Out on the roads the pilgrim’s sank down and fell over and died and the bleak and shrouded earth went trundling past the sun and returned again as trackless and as unremarked as the path of any nameless sisterworld in the ancient dark beyond.
If this review seems overly focused on style, it’s because there isn’t much story to speak of. Eighty percent of it is walking and looking for food, finding food and eating it, building a fire and sleeping and shivering in the cold in pitch-black night. Often, there is freezing rain, and without shelter the father and son continually risk death. At other times, there is snow, all the color of ash (or maybe it is ash).
If you haven’t already guessed, The Road is an apocalyptic, end-of-the-world tale, its setting so bleak and so without hope it makes The Walking Dead look like My Little Pony. While there is little by way of exposition, to explain what has happened, you can tell by the absence of any life (no birds or fish or even insects) that this is a nuclear winter, the result of some nuclear holocaust, or meteor impact like the kind that wiped out the dinosaurs. The survivors are too few to call this a dystopia, as the man and the boy remark, you really could not know whether you were the last human alive. Groceries and farms have already been looted, so finding hidden caches of food is the only means of survival, but the protagonists can never linger long, for starvation has driven the last of the human race to murder and cannibalism. Suicide hangs over everything, as both a danger and salvation, and often seems the best and only option.
This is where McCarthy’s style proves its worth, since, in a world without people, names become redundant. When the passage of time is agonizing, and the world is without destinations, chapters are counter productive. When life is nothing more than the struggle to keep living, everyday minutia is all there is, and the way in which the story is told becomes every bit as important as what is being told.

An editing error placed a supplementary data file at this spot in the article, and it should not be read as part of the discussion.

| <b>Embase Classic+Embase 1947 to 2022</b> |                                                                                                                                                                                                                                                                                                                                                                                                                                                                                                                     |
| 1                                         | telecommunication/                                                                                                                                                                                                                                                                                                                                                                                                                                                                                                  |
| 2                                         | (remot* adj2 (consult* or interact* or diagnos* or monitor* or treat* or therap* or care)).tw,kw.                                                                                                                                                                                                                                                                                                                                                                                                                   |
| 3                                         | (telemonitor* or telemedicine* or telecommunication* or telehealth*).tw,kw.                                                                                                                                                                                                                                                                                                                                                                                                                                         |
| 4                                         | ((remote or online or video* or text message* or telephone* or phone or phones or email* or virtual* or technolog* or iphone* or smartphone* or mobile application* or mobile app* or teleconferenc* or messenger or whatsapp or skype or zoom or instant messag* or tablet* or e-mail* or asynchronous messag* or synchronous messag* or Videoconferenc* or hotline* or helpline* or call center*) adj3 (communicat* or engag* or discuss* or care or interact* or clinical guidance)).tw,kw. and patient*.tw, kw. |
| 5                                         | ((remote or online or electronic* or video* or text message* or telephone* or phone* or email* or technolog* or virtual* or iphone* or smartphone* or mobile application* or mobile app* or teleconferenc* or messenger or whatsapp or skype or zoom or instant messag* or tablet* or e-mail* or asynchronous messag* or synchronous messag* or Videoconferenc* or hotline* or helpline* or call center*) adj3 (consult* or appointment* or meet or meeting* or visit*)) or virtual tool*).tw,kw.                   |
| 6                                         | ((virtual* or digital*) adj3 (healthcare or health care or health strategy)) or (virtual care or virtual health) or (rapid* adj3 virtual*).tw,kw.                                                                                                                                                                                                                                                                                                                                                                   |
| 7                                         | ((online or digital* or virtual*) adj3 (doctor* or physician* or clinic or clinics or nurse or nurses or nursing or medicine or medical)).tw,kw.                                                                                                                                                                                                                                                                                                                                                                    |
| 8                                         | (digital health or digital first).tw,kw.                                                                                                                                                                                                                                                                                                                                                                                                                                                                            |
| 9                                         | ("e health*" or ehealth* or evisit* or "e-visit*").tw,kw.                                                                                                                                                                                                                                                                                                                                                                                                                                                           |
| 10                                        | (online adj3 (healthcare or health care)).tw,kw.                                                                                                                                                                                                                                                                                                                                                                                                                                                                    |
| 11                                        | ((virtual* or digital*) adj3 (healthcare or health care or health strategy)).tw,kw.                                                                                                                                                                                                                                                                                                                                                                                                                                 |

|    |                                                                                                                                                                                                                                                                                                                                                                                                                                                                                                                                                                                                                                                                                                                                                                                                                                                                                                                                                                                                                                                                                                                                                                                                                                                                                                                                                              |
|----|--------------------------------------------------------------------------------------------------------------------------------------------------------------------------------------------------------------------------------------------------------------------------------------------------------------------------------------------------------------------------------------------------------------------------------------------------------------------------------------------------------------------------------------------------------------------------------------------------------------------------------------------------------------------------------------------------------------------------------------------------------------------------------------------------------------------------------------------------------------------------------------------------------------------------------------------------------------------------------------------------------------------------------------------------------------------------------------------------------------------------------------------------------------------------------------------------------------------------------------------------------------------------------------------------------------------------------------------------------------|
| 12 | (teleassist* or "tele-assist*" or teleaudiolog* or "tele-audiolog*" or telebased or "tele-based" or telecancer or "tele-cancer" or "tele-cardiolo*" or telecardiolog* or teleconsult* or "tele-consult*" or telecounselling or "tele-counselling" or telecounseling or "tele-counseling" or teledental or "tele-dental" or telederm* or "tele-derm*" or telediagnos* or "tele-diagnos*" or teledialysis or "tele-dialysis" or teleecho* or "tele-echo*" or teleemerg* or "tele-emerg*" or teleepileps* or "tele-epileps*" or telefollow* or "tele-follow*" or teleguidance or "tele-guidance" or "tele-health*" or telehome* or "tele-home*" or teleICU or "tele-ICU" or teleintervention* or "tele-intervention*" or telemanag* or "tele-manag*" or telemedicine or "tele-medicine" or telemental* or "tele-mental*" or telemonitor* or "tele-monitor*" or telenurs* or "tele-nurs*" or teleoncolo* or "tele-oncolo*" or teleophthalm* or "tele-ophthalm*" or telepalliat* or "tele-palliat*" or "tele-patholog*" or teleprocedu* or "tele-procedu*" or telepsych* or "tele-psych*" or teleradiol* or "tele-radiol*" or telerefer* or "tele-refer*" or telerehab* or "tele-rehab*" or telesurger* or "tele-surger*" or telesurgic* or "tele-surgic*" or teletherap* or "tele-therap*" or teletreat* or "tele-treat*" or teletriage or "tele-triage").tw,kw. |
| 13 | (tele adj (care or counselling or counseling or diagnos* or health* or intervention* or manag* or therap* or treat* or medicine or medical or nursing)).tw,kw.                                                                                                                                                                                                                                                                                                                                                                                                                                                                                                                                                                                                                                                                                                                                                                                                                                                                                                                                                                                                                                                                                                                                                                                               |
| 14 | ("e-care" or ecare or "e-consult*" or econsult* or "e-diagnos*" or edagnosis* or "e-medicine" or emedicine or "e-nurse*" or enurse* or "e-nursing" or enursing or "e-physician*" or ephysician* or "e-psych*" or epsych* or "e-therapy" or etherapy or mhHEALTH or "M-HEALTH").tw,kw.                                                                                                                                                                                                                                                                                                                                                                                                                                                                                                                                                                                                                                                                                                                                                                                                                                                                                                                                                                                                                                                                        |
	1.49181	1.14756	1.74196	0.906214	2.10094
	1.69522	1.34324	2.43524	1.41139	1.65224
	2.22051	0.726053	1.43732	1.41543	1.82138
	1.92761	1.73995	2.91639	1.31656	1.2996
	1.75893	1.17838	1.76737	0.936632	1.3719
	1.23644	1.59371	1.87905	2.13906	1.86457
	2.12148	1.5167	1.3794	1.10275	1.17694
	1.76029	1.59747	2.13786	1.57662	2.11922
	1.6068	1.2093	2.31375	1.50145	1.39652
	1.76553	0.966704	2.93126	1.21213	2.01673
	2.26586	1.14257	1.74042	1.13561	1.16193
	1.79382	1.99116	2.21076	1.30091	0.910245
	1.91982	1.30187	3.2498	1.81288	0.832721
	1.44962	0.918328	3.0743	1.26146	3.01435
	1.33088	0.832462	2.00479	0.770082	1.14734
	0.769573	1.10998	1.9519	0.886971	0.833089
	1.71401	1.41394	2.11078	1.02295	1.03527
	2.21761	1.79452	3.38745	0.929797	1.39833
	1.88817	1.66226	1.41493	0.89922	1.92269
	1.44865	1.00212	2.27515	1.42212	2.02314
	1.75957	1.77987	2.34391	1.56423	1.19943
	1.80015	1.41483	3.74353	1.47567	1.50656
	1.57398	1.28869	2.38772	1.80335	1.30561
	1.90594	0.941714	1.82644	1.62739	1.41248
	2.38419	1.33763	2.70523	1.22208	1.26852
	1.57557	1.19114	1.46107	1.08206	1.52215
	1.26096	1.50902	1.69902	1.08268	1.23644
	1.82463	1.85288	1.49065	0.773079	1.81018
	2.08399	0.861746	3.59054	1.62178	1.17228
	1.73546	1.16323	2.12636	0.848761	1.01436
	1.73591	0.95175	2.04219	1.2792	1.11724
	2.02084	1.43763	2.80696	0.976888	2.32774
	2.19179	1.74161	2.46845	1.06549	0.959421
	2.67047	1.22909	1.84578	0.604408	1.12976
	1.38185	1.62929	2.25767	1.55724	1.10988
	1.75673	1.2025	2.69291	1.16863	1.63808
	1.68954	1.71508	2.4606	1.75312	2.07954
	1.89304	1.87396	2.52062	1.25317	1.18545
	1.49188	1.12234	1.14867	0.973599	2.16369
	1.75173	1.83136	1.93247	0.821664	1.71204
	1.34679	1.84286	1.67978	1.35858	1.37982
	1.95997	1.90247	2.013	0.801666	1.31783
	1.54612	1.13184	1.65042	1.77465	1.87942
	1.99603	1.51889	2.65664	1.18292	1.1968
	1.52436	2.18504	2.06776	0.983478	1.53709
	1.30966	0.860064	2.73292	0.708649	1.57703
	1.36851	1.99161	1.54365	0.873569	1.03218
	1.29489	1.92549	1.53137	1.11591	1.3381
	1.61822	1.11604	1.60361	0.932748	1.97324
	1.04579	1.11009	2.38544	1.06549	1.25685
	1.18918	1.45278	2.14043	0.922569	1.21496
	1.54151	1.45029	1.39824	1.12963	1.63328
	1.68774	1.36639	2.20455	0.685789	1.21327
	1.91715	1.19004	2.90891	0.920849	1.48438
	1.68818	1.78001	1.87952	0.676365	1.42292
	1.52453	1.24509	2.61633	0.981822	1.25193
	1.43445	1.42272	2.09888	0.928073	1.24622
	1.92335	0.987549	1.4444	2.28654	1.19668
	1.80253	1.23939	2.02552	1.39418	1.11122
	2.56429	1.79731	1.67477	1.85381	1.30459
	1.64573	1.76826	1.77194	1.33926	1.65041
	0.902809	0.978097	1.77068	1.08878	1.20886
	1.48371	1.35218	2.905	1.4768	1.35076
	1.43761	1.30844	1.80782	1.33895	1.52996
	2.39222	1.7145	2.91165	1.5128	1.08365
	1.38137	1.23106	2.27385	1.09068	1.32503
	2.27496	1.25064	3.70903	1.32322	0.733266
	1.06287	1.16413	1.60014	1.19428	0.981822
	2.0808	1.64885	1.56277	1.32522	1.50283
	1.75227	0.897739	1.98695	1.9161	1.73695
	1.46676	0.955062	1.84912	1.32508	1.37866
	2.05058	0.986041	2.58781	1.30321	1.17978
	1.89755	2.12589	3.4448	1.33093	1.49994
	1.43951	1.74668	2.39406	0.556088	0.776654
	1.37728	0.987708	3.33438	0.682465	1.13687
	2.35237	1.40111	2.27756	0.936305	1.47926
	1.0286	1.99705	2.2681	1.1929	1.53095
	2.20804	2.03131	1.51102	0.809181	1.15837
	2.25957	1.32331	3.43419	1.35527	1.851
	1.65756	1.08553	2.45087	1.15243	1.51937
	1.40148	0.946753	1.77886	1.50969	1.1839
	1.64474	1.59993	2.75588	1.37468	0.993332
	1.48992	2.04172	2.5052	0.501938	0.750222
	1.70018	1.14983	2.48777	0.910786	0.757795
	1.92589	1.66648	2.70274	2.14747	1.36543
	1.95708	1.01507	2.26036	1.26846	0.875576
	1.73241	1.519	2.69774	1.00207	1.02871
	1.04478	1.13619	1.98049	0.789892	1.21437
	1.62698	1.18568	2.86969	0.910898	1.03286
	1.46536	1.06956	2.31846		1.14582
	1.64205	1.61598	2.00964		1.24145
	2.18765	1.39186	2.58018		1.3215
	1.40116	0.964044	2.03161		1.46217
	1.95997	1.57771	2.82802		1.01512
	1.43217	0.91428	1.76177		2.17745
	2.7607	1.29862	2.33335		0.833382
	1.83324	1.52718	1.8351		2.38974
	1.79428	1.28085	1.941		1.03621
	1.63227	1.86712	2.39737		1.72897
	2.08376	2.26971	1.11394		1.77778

The risk of telling such a tale is losing the reader to despair and indifference, and more than once I had to ask myself, “what am I getting out of this?” and “is it worth taking this journey?” But what keeps the reader going, and what kept me going, isn’t hope (there isn’t any) but the love that exists between father and son, without which neither could survive. What’s most remarkable about this novel, the darkest, bleakest story ever put to paper, is that it’s really all about love, and altruism, and the value of human relationships. Take away the sun and plants and animals and all the comforts of civilization, and what remains are the people in our lives, without which starvation, and death, is preferable.
Despite my disappointment, I find Cormac McCarthy to be a brilliant writer, who did exactly what he set out to do. The story is bleak and repetitive and uneventful, even boring at times, but that is the nature of the story he is telling. It is devoid of meaning or inspiration, perhaps because, with the death of the world, those things die too, but neither is it cynical. When everything burns out, the last remaining thing, the thing we cling to, is what matters most. Love.